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bigcitycrows251 karma

Explanation for those passing by: In the USA, because pretty much every native bird is a federally protected species, in order to satisfy demand among Native American tribes for the feathers, talons, heads, etc. of such protected birds (especially birds of prey) there are national feather banks set up. Legally collected remains are sent to those banks and distributed, free of charge, to Natives who want them.

I volunteer at a bird of prey rescue that is blessed with five unreleasable bald eagles. Every time I open them up in the morning I take care to collect any shed feathers so we can send them to the National Eagle Repository. When we get in fatally wounded bald eagles who unfortunately die, we carefully package the remains in our freezer so they can also be transported out, as whole bald eagles are one of the most popular requests by Natives who use them in religious ceremony.

In this way, the goal is to reduce pressure to poach or illicitly obtain parts of endangered or vulnerable species. Why pay for a poached one when you can get one that died anyway for free?

bigcitycrows140 karma

What's the weirdest non postcard secret you've ever received?

Ooh, answer this one, answer this one!

bigcitycrows68 karma

That's because of the Migratory Bird Treaty Act, and I could talk for ten straight minutes about just this subject! Many people see it as a superflous law, but even though it may be due for an update it came about for good reason.

The tl;dr of why it's illegal to keep found bald eagle feathers is this: there's no way to tell which ones were naturally shed and which ones were poached.

Both the honest man and the poacher are going to say they found the dead eagle or found the stray feather. Instead of trying to root through everything, they just put it on lockdown- this was especially necessary for endangered species, where by the time they've sorted it out, half the population could be gone. If it's something like a blue jay feather, even though that's also technically illegal you're very unlikely to actually get in trouble. But with eagle parts, there's still a dangerous (for the eagles) demand for their parts, not just among Native Americans, so they take it much more seriously.

The main thing they want to prevent is commercial (or monetary) exchange of remains. That's why the laws were enacted in the first place. It isn't one guy picking up found feathers that decimates species, it's the remains themselves becoming profitable...at which point people start harvesting not-so-naturally shed feathers. This is also why the consequences are much steeper if you're somebody selling whole dead bald eagles than they are if you're somebody with one dusty bald eagle feather in your little jar of feathers you found while hiking, for instance.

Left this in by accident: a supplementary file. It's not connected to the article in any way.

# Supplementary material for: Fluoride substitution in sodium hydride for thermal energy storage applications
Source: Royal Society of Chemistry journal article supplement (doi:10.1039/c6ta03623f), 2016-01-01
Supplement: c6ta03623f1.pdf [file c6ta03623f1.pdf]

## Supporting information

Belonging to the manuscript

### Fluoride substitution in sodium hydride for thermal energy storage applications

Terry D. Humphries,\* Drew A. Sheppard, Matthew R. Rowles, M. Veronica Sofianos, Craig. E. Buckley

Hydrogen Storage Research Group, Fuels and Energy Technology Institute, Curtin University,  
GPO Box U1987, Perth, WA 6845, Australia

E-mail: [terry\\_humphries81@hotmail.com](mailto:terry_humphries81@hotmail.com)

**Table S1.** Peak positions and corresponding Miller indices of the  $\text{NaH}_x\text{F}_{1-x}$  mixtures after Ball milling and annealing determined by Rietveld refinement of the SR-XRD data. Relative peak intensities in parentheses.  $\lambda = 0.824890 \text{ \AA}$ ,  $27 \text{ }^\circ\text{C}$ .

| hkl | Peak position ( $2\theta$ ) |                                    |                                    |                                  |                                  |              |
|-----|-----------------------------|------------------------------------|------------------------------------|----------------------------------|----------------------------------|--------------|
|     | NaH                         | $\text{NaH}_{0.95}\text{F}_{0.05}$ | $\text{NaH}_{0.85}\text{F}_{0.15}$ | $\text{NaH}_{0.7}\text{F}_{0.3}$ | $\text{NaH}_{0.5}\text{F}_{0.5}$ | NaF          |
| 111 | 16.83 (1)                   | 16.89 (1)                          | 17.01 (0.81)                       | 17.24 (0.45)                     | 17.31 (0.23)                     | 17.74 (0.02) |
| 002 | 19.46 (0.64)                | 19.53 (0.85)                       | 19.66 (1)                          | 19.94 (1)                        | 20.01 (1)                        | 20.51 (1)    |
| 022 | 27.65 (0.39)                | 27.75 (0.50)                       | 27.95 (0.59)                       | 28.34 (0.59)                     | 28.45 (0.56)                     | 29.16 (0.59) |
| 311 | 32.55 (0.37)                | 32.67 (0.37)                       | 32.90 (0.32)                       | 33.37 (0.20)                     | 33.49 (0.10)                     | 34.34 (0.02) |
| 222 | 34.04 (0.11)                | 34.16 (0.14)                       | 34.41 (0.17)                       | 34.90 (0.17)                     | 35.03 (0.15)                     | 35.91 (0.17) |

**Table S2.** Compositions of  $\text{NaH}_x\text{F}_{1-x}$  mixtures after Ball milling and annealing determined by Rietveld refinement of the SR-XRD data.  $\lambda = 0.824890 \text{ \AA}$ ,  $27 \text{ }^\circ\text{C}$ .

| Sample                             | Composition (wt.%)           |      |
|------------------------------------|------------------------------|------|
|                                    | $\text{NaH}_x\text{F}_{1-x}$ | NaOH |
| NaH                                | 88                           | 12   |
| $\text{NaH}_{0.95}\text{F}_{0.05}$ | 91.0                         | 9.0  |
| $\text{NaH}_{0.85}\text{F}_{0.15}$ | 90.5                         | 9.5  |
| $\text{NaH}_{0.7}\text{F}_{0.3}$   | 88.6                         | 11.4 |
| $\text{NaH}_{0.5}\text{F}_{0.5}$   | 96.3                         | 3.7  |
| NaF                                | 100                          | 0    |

If it's obvious you're just some guy who found one and thought it was pretty, you're very unlikely to be bothered more than someone advising you to let it blow away in the wind; but if a poacher is found, he could be charged for, say, each eagle feather he's got.

bigcitycrows65 karma

Maybe. I feel a bit cheap knowing so many people just click the photo and don't read the story, but here in comments like this I'm glad to, because it's been such a wonderful experience and I love spreading The Bird Gospel.

Here are two of my favorites that I've taken:

Isiah, who has one crushed wing but doesn't let that slow him down

and here's Stumpy, a juvenile female bald eagle that my mentor trained to hunt so that she could be released back into the wild.

I don't have any pictures of the box-of-eagle-feathers I've been hoarding (at the rescue...it would be quite illegal for me to take them home), but they look like this and I feel like some kind of mythic messenger when I am collecting them up.

bigcitycrows45 karma

I buy cold-process homemade goat milk soap from my favorite homesteader, so I'm

  1. Not affiliated with OP, but
  2. Can totally attest that if his soap is anything like the goat's milk soap I have been using, it is super duper!

A lot will change based on the "flavor" of soap (what other ingredients, like activated charcoal or essential oils, are added) but even with a plain bar of goat milk soap (one of which I am currently using as my standard bathroom hand soap) the difference is plain.

I have mild acne, eczema, dandruff, you name it. Not like "Hunchback of Notre Dame", repel-people-when-they-see-me stuff, but seriously it was a pain in my self-esteem and my hands, during a breakout, would be so painful even if nobody could tell without looking very closely.

Ivory soap didn't work. Burt's Bees didn't work. When I used average store-bought bottled bullshit shampoo, my hair and skin were dry from it and would just get worse. Drying out my skin made it produce more oil...so, vicious cycle.

The goat milk soap was like taking a bath in warm silk. I seriously look forward to my showers now, I use a loofah and it just makes such a soft, rich lather, I love using a different 'flavor' based on where I'm going that day.

My acne has obviously reduced, I no longer have big, obvious zits and many days my face looks, well, like it doesn't have acne at all! My eczema is much better, I mean MUCH.

Since I started using the goat's milk soap and actively avoiding stuff that's like "scented fake strawberry bullshit that strips your hands of everything" my skin's cleanliness, scalp health, and hair health/appearance has just gone slowly and steadily up, and now I don't over-produce oil to compensate for the loss from harsher stuff.

tl;dr I fookin' love goat milk soap and only use it now.

Also, one bar lasts a damn long time if you don't leave it in the shower with you. Money-wise I feel like it's expensive up-front, but longterm worth it.